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Aquesys XEN Gel Stent Study

Enrollment Status:

Closed to Enrollment


Open angle glaucoma is the most common type of glaucoma. The XEN Gel Stent has been approved for treating open angle glaucoma in Europe since 2011. Inside the United States, the XEN Gel Stent is an investigational device, which means that it has not been approved by the US Food and Drug Administration (FDA).  The glaucoma specialists at the NYEEIMS has joined Aquesys to evaluate patients with primary open angle glaucoma where previous medical treatments have failed the safety and efficacy of using the XEN Gel Stent as a new way to treat glaucoma.

The XEN Gel Stent is placed in your eye to make a new permanent pathway to reduce the amount of fluid in your eye. This helps preserve your vision by reducing the pressure in your eye to a normal level.

The AqueSys gelatin is well accepted by the human body, and is non-inflammatory. It is a very small tube made of a soft but permanent gelatin material. The implant is 6mm in length and nearly as thin as a strand of human hair. We propose this study will show that the procedure to insert the XEN Gel Stent is more straightforward and less invasive than other similar treatments for glaucoma.


The Xen gel stent is a soft, permanent, non-migrating, subconjunctival implant that shunts fluid from the anterior chamber to the subconjunctival space. It’s a compressible and tissue-conforming hydrophilic implant made of porcine gelatin that’s crosslinked with gluteraldehyde, a material that’s been used for other medical purposes.  The cylindrical, 6mm long implant, comes with three different-size lumens: 45 µm, 63 µm and 140 µm.  Most MIGS devices are designed to enhance normal aqueous outflow through the trabecular meshwork and Schlemm's canal.  This stent is different in that it bypasses the natural drainage pathway and can produce the lower intraocular pressures that we typically only get with trabeculectomy or tube shunt procedures.  There are numerous potential advantages of the Xen gel stent over a trabeculectomy or tube shunt.  It requires only 15-20 minutes to implant, gives you immediate intraocular pressure reduction, and needs relatively little post-operative management. The small luminal diameter of this shunt seems to provide enough resistance to aqueous flow that postoperative hypotony is minimized.  This procedure should be combined with a subconjunctival injection of mitomycin C to enhance long-term intraocular pressure control.  However, like any new procedure, there is a learning curve that must be overcome when these devices are first used.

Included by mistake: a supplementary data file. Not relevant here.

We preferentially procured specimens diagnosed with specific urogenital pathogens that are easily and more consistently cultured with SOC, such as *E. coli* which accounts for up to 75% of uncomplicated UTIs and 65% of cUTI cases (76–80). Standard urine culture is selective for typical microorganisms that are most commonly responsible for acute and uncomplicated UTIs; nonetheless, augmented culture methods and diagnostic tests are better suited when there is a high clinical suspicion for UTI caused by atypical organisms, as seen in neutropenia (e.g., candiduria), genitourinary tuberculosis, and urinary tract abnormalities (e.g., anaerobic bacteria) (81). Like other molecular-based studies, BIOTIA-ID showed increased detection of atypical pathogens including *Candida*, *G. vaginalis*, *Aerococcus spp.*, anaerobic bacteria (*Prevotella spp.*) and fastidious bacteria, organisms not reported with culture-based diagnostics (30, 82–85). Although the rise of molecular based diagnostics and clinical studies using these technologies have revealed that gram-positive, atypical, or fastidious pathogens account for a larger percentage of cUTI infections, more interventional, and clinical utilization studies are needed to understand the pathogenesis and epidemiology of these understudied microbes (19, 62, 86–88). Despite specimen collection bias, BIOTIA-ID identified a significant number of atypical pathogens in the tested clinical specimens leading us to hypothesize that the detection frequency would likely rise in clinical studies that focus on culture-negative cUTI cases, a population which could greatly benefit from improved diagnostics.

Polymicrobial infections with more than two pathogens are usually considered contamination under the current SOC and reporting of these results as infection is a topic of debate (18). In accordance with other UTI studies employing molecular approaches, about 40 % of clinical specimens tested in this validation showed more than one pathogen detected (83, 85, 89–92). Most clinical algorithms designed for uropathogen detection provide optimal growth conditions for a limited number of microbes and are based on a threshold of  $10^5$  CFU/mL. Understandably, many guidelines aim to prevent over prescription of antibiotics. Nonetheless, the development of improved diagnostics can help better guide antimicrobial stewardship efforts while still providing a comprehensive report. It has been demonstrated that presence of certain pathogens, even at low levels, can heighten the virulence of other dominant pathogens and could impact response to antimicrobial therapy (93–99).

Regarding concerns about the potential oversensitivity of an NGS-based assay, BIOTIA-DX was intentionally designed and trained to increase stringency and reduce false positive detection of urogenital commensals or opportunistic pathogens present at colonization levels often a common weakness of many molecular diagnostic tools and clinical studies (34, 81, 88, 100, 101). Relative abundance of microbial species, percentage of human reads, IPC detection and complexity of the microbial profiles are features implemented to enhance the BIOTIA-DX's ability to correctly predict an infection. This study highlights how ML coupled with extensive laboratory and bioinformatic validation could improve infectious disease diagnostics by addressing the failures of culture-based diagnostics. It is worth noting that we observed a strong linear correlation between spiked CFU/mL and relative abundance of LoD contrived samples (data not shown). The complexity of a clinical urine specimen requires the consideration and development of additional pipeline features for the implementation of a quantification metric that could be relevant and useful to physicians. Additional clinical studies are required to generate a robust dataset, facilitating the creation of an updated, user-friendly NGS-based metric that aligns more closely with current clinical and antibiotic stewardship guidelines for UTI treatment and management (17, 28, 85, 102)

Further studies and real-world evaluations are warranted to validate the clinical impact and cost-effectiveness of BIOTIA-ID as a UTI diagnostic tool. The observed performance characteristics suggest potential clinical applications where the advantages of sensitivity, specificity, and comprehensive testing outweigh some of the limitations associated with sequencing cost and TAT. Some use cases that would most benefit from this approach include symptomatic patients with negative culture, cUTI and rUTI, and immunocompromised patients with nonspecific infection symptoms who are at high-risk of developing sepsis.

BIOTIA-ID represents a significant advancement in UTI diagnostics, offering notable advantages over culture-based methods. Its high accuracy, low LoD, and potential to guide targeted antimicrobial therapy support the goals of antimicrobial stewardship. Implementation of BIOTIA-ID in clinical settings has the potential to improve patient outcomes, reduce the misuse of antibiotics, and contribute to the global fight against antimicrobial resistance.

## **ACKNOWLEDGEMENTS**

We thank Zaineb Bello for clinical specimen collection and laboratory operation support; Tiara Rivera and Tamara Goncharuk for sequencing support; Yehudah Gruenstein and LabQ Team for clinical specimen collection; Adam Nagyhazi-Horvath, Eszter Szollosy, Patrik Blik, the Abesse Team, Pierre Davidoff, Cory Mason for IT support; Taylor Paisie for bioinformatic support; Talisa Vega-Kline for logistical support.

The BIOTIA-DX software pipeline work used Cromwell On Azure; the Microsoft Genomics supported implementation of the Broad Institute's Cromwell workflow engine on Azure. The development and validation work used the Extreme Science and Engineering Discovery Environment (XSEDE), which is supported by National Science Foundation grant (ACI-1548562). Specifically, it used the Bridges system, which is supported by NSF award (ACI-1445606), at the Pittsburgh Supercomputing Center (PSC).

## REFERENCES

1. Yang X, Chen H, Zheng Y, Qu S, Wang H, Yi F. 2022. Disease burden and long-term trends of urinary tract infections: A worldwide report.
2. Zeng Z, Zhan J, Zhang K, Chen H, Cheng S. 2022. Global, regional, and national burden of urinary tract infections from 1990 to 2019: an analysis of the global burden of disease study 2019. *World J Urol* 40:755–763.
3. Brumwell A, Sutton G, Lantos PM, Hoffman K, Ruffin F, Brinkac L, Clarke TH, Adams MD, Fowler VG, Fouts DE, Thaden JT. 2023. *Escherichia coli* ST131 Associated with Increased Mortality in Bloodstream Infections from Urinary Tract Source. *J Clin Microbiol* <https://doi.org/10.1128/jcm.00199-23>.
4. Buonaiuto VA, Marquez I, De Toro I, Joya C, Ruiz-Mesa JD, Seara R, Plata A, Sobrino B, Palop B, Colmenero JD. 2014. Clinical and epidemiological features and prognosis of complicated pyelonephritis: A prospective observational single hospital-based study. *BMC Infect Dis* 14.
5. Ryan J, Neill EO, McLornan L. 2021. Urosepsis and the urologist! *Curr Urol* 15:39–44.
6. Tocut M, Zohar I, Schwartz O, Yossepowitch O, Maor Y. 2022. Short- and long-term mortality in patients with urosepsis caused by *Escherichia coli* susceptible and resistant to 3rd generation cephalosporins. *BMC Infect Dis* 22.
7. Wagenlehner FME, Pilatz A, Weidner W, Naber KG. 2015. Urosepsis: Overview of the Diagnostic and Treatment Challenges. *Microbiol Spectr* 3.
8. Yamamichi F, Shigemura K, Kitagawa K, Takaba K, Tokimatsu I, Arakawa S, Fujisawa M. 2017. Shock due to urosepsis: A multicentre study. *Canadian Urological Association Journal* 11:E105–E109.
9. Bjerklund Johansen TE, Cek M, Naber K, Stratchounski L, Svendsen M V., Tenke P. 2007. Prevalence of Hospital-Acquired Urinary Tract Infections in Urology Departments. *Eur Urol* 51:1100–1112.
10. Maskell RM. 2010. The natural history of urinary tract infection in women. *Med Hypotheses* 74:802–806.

Enrollment in the Study

Meliza Unson, CRC:                212-979-4672

Katy Tai, CRC:                         212-979-4251,

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Ophthalmology Research AdministrationTel: 646-943-7925

Address310 E. 14th Street
South Building, 5th Floor
New York, NY 10003

Meliza Unson, CRCTel: 212-979-4672

Katy Tai, CRCTel: 212-979-4251

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